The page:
What is a broker? Taking a step back from the topic of investing, a broker is someone who buys and sells something for third parties or who connects buyers and sellers so they can do business directly. The word “intermediary” means the same thing (if you take the time to do your own research, you will see that some sources agree with me, but some draw a distinction). You may be familiar with business brokers, real estate brokers, insurance brokers, etc.
It’s probably pretty obvious what a broker does in the context of investing: a broker, as defined by US securities laws, is “any person engaged in the business of effecting transactions in securities for the account of others.”3 The Securities Exchange Act of 1934 (“Exchange Act“) governs the way in which the US’s securities markets and its brokers and dealers operate. The definition of “broker” is contained in Section 3(a)(4)(A) of the Exchange Act. So, a person who executes transactions for others (that is, who acts as an agent for others) on a securities exchange clearly is a broker, though there are lots of other activities that will cause one to be a broker.
A dealer, on the other hand, acts as a principal and is defined by Section 3(a)(5)(A) of the Exchange Act as “any person engaged in the business of buying and selling securities for his own account, through a broker or otherwise.”4 Note that the definition of “dealer” does not include a “trader,” that is, a person who buys and sells securities for his or her own account, either individually or in a fiduciary capacity, but not as part of a regular business. Individuals who buy and sell securities for themselves generally are considered traders and not dealers. As a practical matter, most brokers are also dealers, and most dealers are also brokers, thus the term “broker-dealer.” The SEC’s Guide to Broker-Dealer Registration is a good resource if you want to read a little more about this subject.
Section 15(a)(1) of the Exchange Act generally makes it unlawful for any broker or dealer to use any means of interstate commerce to “effect any transactions in or to induce or attempt to induce the purchase or sale of, any security” unless that broker or dealer is registered with the Commission in accordance with Section 15(b) of the Act.
Electronic Communications Networks (“ECNs”) are automated electronic trading systems that will find, purchase, and sell orders at a price as indicated by users. ECNs are registered with the SEC as broker-dealers which is apt, given that they eliminate the need to use any other broker-dealer.
Investment advisors are individuals or firms that offer advice about making investments to investors or deliver reports or analyses about securities.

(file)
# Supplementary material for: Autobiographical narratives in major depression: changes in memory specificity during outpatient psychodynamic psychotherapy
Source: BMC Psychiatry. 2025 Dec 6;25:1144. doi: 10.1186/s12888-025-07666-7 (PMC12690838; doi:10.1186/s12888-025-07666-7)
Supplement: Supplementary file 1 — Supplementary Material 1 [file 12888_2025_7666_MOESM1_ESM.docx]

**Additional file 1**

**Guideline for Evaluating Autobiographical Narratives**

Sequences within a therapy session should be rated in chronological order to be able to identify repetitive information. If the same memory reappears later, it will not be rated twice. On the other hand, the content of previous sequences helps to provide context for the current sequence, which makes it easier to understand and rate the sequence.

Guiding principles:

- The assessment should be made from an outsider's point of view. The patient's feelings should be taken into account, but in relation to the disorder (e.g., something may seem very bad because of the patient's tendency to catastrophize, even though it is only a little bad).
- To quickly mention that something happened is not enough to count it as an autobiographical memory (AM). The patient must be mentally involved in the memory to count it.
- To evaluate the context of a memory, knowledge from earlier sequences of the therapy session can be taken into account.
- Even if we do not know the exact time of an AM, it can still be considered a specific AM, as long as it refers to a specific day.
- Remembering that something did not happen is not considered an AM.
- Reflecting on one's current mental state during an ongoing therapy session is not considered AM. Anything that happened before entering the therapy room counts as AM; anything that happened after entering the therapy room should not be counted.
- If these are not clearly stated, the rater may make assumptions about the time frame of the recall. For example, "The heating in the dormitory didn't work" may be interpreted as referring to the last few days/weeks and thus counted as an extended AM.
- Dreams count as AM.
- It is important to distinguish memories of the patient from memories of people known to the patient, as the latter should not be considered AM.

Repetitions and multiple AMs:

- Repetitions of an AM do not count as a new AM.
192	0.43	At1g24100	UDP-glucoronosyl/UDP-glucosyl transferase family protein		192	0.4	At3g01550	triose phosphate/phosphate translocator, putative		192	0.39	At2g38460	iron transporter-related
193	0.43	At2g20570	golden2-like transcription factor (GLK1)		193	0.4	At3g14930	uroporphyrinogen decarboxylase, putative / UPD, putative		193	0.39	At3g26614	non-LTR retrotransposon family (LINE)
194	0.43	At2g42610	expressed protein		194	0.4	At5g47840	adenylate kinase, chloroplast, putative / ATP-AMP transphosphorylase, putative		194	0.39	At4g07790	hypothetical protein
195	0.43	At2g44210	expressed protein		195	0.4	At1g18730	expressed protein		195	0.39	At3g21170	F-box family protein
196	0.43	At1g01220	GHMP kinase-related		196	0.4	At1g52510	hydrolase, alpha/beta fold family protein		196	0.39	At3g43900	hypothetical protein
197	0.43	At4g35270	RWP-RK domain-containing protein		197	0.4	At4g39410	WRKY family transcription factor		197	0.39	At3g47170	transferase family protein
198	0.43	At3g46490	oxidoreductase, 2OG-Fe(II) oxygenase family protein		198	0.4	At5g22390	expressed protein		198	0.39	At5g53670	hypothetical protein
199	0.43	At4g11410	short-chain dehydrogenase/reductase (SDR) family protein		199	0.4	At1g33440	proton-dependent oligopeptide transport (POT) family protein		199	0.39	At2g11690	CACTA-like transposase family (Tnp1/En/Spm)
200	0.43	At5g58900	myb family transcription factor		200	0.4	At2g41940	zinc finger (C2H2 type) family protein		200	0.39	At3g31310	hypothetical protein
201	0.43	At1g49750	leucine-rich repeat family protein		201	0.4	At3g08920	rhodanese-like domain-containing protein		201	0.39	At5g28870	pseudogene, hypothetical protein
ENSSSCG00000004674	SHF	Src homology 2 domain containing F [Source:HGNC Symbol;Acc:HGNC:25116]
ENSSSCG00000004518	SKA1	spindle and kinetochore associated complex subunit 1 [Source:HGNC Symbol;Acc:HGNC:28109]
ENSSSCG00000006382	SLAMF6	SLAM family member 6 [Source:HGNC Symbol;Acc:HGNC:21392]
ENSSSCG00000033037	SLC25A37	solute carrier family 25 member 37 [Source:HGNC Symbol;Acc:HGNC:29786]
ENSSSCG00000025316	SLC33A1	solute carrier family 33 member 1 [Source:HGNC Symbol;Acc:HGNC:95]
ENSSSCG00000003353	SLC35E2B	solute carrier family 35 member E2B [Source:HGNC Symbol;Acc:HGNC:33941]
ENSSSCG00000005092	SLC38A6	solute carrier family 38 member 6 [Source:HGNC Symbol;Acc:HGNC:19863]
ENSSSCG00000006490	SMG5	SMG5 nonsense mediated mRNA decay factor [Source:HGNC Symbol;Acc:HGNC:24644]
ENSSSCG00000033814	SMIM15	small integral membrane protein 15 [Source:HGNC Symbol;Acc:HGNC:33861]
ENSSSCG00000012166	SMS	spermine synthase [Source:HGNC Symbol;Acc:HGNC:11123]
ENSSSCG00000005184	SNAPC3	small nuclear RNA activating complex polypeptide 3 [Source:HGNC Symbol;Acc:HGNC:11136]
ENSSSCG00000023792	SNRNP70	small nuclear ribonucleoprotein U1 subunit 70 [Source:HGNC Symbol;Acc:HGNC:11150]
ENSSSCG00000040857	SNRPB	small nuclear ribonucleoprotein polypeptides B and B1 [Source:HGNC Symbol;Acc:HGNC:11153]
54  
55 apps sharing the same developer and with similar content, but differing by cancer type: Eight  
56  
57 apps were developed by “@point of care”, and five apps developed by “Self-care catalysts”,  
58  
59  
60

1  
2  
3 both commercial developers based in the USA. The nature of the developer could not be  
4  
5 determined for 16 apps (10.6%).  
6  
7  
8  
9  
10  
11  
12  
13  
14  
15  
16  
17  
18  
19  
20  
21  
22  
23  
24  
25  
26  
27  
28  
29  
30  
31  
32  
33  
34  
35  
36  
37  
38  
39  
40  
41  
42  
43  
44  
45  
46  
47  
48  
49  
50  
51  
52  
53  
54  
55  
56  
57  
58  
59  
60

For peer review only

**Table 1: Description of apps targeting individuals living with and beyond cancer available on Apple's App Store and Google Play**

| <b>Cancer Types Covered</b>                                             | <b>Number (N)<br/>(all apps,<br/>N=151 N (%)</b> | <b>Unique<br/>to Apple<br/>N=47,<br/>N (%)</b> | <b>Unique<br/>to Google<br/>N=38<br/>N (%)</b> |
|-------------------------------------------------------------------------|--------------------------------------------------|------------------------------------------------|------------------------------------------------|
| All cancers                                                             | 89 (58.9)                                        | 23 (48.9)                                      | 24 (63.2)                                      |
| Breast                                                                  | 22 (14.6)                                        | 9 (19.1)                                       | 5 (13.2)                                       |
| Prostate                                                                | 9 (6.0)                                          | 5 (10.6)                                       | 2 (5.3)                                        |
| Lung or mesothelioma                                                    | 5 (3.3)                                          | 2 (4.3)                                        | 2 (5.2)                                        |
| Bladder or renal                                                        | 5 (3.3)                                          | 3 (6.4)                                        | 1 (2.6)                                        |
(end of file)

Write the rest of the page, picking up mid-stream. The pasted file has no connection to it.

Don’t confuse a broker-dealer with an investment advisor; there is a world of difference between these two professions. Read The Doctor and the Drug Dealer: A Parable of Registered Investment Advisers and Broker-Dealers and 5 Questions to Ask a Financial Advisor Before Hiring to understand these crucial distinctions.
As noted above, FINRA oversees broker-dealers who operate in the OTC. So what’s the OTC? The end of Installment #1 goes into some detail (in the section titled, “Not All Public Companies Trade on a National Securities Exchange”). Here’s a little more technical detail. Go read that, and then come back here and read what follows.
Welcome back. You now know that more than 12,000 stocks, including Adidas, Bayer, Daimler, Mitsubishi, Nestle, and Volkswagen trade on the OTC. But what is the OTC? As I say in Installment #1, when a stock is bought or sold OTC, the transaction does not take the form of an auction. Rather, each transaction takes the form of a contract between seller and buyer. What this means is that dealers (as in broker-dealers discussed above) act as market makers by quoting prices at which they will sell (“ask” or “offer”) or buy (“bid”) shares of particular stocks. Again, as explained above, dealers buy and sell on their own account, and they make their money the same way any other buyer or seller does- by selling for more than they buy. That markup or “spread” is how a dealer makes its money. If you want to dive deeper into this, read Markets: Exchange or Over-the-Counter by Randall Dodd, writing for the International Monetary Fund.
A good argument can be made that stocks that trade OTC are inherently riskier than those that trade on an exchange. It’s true that, generally speaking, smaller, less established companies trade OTC and that, in many cases, they do so because they cannot satisfy the listing requirements of an exchange. A good argument can also be made, however, that it is possible to find companies that trade OTC which have far more growth potential as compared to companies that trade on an exchange.
Just as consumer credit rating agencies (like Equifax, TransUnion, and Experian) rate peoples’ creditworthiness, corporate credit rating agencies rate the creditworthiness of companies. And investors can use these ratings to help them decide what securities to buy and sell. Thus, corporate credit rating agencies play an important role in investing.
The top corporate credit rating agencies are Moody’s Investor Services, Standard and Poor’s (S&P), Fitch Group, and Morningstar Inc. A very good quick read to learn more is Corporate credit ratings: a quick guide by Rothschild. Each assesses the credit risk of specific debt securities as well as the credit risk of the entity issuing those debt securities.
©2022. DailyDACTM, LLC d/b/a/ Financial PoiseTM. This article is subject to the disclaimers found here.
Jonathan Friedland is a principal at Much Shelist. He is ranked AV® Preeminent™ by Martindale.com, has been repeatedly recognized as a “SuperLawyer”, by Leading Lawyers Magazine, is rated 10/10 by AVVO, and has received numerous other accolades. He has been profiled, interviewed, and/or quoted in publications such as Buyouts Magazine; Smart Business Magazine; The M&A…